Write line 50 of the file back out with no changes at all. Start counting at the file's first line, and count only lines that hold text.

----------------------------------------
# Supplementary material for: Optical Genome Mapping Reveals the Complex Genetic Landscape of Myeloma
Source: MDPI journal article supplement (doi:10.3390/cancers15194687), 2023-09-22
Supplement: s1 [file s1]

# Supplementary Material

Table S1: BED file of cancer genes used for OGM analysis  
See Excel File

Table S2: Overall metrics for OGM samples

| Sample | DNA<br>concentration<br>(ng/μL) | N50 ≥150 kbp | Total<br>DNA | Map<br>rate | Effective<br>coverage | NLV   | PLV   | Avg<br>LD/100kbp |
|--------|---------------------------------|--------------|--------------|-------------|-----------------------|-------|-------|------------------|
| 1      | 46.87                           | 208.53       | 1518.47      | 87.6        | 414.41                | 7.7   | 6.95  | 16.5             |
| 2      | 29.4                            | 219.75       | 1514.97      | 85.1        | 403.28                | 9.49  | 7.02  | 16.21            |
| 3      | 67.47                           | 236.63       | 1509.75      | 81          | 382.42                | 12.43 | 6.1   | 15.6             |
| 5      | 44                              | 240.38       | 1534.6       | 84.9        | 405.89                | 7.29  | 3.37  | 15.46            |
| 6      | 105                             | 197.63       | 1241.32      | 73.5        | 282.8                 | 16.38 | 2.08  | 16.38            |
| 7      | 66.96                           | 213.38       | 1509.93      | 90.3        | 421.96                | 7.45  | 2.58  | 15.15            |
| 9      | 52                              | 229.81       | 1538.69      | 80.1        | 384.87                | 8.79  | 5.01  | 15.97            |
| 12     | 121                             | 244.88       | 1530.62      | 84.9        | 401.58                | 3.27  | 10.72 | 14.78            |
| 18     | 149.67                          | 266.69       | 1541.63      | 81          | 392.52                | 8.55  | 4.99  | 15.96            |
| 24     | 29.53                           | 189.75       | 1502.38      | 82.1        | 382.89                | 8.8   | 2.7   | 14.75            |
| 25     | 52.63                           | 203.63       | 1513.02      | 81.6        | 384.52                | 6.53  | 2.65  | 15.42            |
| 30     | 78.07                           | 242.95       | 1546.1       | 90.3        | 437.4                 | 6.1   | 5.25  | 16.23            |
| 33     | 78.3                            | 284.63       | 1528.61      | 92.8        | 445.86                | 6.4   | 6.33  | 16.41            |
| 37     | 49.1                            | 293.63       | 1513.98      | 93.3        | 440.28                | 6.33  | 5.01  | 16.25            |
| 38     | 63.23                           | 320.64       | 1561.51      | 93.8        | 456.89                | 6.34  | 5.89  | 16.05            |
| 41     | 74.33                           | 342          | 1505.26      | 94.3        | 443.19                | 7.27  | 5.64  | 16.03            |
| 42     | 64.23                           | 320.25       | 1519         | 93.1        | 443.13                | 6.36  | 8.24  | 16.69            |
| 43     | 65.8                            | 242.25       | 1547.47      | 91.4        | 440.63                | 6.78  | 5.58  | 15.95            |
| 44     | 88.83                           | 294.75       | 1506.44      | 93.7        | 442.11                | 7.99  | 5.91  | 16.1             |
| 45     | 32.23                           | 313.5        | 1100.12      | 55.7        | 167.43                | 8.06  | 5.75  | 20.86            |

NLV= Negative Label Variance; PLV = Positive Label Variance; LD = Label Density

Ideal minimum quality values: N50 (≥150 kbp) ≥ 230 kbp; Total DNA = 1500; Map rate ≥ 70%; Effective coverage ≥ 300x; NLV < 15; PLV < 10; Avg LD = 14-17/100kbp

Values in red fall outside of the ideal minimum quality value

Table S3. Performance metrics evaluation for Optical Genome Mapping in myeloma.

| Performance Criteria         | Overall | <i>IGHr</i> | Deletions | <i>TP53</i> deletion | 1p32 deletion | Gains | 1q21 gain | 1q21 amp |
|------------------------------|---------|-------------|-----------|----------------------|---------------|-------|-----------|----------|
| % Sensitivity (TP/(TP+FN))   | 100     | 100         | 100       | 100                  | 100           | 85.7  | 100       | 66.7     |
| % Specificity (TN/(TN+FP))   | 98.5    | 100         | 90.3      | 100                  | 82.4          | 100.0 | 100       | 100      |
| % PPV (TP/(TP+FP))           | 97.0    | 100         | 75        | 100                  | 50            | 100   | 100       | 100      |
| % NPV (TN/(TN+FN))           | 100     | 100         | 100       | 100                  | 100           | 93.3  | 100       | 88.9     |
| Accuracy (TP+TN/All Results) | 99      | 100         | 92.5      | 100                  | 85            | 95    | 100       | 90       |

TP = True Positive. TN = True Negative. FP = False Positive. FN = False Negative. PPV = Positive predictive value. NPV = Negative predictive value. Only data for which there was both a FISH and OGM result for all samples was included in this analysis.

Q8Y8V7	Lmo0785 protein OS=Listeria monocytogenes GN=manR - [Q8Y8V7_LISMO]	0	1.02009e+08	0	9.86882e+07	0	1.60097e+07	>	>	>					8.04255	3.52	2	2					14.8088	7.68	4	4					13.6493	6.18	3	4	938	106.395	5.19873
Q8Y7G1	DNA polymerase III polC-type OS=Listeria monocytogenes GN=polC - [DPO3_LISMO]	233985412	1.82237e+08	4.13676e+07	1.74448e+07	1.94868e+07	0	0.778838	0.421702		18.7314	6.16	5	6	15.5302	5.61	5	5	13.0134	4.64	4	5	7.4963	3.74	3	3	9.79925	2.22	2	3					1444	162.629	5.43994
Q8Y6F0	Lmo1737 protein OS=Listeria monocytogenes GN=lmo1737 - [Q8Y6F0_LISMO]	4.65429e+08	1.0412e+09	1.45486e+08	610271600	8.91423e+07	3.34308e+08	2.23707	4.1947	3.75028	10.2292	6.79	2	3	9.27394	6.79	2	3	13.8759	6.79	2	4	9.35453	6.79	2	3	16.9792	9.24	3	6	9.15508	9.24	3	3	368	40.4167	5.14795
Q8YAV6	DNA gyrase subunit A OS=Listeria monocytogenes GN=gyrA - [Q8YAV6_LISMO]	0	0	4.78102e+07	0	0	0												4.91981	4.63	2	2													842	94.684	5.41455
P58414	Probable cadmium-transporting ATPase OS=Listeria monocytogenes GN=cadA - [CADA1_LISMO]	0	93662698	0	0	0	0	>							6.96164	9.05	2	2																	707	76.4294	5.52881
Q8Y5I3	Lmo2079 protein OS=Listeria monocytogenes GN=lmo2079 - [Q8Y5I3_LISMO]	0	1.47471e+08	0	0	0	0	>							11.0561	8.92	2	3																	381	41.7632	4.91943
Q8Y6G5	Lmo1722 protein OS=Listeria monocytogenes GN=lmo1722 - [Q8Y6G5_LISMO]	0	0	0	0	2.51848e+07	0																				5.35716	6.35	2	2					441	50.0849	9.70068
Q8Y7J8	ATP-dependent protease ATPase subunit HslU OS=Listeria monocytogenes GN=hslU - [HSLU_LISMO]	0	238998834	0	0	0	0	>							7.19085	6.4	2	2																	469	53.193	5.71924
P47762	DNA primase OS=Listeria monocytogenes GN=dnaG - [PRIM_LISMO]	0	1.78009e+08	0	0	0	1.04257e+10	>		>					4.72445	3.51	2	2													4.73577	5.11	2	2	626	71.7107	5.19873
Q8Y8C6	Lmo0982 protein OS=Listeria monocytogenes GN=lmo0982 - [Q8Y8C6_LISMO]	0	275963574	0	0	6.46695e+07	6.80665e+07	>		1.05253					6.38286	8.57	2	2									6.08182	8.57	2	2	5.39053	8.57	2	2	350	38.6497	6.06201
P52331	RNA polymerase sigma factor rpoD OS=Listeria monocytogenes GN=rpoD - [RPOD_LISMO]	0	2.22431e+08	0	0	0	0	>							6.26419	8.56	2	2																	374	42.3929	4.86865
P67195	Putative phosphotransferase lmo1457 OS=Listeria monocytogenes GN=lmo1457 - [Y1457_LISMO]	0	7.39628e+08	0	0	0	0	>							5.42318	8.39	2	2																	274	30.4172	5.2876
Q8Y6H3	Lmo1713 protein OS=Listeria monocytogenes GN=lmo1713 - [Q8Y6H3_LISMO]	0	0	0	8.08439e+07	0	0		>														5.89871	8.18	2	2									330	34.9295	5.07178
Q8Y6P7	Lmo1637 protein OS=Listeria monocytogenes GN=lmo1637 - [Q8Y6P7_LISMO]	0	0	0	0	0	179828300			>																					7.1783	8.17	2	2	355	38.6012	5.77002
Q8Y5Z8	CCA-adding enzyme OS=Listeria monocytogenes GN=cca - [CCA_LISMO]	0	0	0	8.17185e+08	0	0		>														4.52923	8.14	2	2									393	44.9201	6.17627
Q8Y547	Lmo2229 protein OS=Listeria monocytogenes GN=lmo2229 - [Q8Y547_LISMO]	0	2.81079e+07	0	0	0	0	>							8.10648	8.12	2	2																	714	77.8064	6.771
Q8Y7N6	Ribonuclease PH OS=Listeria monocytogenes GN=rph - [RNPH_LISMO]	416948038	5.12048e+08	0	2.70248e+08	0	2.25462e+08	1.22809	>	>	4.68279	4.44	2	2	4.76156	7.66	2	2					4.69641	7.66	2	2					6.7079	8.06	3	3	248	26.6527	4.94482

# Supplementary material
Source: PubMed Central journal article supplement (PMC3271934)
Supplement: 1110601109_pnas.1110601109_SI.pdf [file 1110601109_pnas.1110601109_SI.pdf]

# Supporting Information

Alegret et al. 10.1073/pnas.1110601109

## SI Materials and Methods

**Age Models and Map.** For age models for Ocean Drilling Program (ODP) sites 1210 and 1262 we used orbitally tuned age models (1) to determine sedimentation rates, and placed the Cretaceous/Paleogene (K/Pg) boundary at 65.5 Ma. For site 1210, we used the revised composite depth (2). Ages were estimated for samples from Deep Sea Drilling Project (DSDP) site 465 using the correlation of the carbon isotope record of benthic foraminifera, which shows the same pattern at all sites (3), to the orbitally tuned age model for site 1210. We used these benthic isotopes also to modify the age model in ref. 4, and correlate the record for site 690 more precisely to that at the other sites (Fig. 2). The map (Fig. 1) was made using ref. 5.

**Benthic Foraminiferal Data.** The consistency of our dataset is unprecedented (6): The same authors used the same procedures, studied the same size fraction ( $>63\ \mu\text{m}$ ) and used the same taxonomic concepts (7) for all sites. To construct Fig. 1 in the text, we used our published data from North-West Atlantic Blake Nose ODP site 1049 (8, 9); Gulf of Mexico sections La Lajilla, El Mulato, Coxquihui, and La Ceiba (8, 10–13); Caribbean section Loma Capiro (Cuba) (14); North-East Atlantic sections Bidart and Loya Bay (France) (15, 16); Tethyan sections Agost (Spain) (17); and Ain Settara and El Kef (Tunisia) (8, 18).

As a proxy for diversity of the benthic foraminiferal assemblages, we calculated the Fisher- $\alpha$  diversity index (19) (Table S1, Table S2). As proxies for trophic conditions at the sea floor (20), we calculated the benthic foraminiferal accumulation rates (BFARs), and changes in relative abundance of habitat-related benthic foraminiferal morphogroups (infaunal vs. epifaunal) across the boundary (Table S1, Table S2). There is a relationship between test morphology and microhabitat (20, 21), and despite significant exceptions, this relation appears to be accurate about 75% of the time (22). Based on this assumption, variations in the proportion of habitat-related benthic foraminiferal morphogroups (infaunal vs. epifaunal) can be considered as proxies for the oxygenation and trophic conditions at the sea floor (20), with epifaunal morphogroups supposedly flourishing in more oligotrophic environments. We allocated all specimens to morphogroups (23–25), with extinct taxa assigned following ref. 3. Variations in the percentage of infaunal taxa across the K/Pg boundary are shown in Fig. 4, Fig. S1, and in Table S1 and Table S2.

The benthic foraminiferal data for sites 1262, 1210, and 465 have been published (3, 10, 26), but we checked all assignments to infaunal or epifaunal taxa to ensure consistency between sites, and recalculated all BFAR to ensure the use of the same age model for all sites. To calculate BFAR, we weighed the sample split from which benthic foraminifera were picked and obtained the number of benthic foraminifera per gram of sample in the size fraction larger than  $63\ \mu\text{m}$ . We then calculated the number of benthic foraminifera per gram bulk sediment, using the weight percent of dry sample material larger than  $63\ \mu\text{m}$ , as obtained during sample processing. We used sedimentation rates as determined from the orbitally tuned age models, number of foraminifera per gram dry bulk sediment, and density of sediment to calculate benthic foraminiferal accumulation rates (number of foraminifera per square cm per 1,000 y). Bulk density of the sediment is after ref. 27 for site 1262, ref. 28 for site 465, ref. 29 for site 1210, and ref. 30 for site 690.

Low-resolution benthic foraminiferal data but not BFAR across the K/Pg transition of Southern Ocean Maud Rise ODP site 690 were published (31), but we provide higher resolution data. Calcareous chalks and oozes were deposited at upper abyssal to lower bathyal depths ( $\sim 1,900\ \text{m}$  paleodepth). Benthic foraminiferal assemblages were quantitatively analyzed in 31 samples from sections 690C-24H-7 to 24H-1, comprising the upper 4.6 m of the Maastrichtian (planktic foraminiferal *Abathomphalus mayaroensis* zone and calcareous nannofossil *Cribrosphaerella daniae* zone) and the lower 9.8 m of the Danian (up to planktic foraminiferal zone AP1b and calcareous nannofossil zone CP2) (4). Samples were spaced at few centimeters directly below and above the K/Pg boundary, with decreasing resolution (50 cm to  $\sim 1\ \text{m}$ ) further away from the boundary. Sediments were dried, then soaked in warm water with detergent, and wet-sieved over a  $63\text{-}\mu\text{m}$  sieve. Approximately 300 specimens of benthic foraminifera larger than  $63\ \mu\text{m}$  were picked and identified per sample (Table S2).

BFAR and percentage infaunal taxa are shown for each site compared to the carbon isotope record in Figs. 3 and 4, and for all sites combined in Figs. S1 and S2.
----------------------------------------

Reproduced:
P47762	DNA primase OS=Listeria monocytogenes GN=dnaG - [PRIM_LISMO]	0	1.78009e+08	0	0	0	1.04257e+10	>		>					4.72445	3.51	2	2													4.73577	5.11	2	2	626	71.7107	5.19873